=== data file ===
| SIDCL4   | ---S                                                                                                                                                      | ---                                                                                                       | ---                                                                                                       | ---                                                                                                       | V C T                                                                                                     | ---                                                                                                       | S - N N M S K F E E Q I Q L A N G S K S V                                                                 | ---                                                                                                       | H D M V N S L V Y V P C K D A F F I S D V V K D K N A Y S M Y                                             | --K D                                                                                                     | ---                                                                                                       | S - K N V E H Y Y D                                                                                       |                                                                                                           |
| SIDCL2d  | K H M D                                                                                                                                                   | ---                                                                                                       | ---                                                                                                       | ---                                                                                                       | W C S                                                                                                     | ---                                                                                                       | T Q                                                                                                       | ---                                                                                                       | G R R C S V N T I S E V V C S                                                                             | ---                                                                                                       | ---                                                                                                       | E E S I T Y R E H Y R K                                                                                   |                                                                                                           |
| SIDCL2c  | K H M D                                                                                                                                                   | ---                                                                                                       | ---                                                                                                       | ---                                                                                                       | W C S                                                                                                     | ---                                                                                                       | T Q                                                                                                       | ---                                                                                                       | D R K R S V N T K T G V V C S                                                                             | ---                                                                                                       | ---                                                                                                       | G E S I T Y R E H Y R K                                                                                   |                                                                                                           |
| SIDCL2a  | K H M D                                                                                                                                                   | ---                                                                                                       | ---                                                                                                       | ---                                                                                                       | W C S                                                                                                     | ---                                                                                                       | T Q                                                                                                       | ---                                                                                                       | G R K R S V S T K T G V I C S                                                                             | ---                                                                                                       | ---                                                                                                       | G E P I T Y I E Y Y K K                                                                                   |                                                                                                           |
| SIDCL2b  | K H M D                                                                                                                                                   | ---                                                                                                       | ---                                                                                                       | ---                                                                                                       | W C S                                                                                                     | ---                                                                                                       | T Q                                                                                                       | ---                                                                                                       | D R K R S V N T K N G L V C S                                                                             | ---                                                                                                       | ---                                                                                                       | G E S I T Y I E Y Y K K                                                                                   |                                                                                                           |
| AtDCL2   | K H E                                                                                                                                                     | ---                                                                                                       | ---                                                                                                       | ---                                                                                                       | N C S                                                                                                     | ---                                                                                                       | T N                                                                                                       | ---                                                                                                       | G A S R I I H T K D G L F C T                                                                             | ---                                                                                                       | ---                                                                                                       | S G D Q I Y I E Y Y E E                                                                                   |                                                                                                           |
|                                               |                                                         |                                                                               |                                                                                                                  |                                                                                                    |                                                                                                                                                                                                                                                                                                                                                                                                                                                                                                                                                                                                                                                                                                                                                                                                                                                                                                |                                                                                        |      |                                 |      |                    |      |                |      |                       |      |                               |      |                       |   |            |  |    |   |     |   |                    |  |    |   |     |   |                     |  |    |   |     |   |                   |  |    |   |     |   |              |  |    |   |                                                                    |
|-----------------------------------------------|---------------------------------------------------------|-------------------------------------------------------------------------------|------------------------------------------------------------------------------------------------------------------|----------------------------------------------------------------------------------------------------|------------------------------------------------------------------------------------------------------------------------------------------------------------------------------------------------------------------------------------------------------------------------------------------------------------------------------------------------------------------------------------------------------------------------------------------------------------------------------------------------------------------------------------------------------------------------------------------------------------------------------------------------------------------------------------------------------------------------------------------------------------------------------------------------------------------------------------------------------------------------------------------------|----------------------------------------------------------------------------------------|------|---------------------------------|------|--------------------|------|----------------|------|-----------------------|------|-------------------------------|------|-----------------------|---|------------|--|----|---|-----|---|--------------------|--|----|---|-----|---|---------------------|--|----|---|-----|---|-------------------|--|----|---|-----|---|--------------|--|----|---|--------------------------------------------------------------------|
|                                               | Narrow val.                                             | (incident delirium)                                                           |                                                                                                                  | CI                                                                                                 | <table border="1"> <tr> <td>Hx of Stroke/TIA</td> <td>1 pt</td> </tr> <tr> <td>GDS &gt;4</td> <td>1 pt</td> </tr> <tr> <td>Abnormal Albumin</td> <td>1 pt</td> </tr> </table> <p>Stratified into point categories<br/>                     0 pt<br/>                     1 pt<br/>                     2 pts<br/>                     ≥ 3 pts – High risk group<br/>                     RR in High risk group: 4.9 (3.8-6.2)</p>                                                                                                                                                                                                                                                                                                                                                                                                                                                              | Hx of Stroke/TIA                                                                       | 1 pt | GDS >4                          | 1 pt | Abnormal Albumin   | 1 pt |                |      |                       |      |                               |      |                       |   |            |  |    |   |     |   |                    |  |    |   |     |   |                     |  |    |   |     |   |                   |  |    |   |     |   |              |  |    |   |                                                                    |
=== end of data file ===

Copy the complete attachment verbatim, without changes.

| SIDCL4   | ---S                                                                                                                                                      | ---                                                                                                       | ---                                                                                                       | ---                                                                                                       | V C T                                                                                                     | ---                                                                                                       | S - N N M S K F E E Q I Q L A N G S K S V                                                                 | ---                                                                                                       | H D M V N S L V Y V P C K D A F F I S D V V K D K N A Y S M Y                                             | --K D                                                                                                     | ---                                                                                                       | S - K N V E H Y Y D                                                                                       |                                                                                                           |
| SIDCL2d  | K H M D                                                                                                                                                   | ---                                                                                                       | ---                                                                                                       | ---                                                                                                       | W C S                                                                                                     | ---                                                                                                       | T Q                                                                                                       | ---                                                                                                       | G R R C S V N T I S E V V C S                                                                             | ---                                                                                                       | ---                                                                                                       | E E S I T Y R E H Y R K                                                                                   |                                                                                                           |
| SIDCL2c  | K H M D                                                                                                                                                   | ---                                                                                                       | ---                                                                                                       | ---                                                                                                       | W C S                                                                                                     | ---                                                                                                       | T Q                                                                                                       | ---                                                                                                       | D R K R S V N T K T G V V C S                                                                             | ---                                                                                                       | ---                                                                                                       | G E S I T Y R E H Y R K                                                                                   |                                                                                                           |
| SIDCL2a  | K H M D                                                                                                                                                   | ---                                                                                                       | ---                                                                                                       | ---                                                                                                       | W C S                                                                                                     | ---                                                                                                       | T Q                                                                                                       | ---                                                                                                       | G R K R S V S T K T G V I C S                                                                             | ---                                                                                                       | ---                                                                                                       | G E P I T Y I E Y Y K K                                                                                   |                                                                                                           |
| SIDCL2b  | K H M D                                                                                                                                                   | ---                                                                                                       | ---                                                                                                       | ---                                                                                                       | W C S                                                                                                     | ---                                                                                                       | T Q                                                                                                       | ---                                                                                                       | D R K R S V N T K N G L V C S                                                                             | ---                                                                                                       | ---                                                                                                       | G E S I T Y I E Y Y K K                                                                                   |                                                                                                           |
| AtDCL2   | K H E                                                                                                                                                     | ---                                                                                                       | ---                                                                                                       | ---                                                                                                       | N C S                                                                                                     | ---                                                                                                       | T N                                                                                                       | ---                                                                                                       | G A S R I I H T K D G L F C T                                                                             | ---                                                                                                       | ---                                                                                                       | S G D Q I Y I E Y Y E E                                                                                   |                                                                                                           |
|                                               |                                                         |                                                                               |                                                                                                                  |                                                                                                    |                                                                                                                                                                                                                                                                                                                                                                                                                                                                                                                                                                                                                                                                                                                                                                                                                                                                                                |                                                                                        |      |                                 |      |                    |      |                |      |                       |      |                               |      |                       |   |            |  |    |   |     |   |                    |  |    |   |     |   |                     |  |    |   |     |   |                   |  |    |   |     |   |              |  |    |   |                                                                    |
|-----------------------------------------------|---------------------------------------------------------|-------------------------------------------------------------------------------|------------------------------------------------------------------------------------------------------------------|----------------------------------------------------------------------------------------------------|------------------------------------------------------------------------------------------------------------------------------------------------------------------------------------------------------------------------------------------------------------------------------------------------------------------------------------------------------------------------------------------------------------------------------------------------------------------------------------------------------------------------------------------------------------------------------------------------------------------------------------------------------------------------------------------------------------------------------------------------------------------------------------------------------------------------------------------------------------------------------------------------|----------------------------------------------------------------------------------------|------|---------------------------------|------|--------------------|------|----------------|------|-----------------------|------|-------------------------------|------|-----------------------|---|------------|--|----|---|-----|---|--------------------|--|----|---|-----|---|---------------------|--|----|---|-----|---|-------------------|--|----|---|-----|---|--------------|--|----|---|--------------------------------------------------------------------|
|                                               | Narrow val.                                             | (incident delirium)                                                           |                                                                                                                  | CI                                                                                                 | <table border="1"> <tr> <td>Hx of Stroke/TIA</td> <td>1 pt</td> </tr> <tr> <td>GDS &gt;4</td> <td>1 pt</td> </tr> <tr> <td>Abnormal Albumin</td> <td>1 pt</td> </tr> </table> <p>Stratified into point categories<br/>                     0 pt<br/>                     1 pt<br/>                     2 pts<br/>                     ≥ 3 pts – High risk group<br/>                     RR in High risk group: 4.9 (3.8-6.2)</p>                                                                                                                                                                                                                                                                                                                                                                                                                                                              | Hx of Stroke/TIA                                                                       | 1 pt | GDS >4                          | 1 pt | Abnormal Albumin   | 1 pt |                |      |                       |      |                               |      |                       |   |            |  |    |   |     |   |                    |  |    |   |     |   |                     |  |    |   |     |   |                   |  |    |   |     |   |              |  |    |   |                                                                    |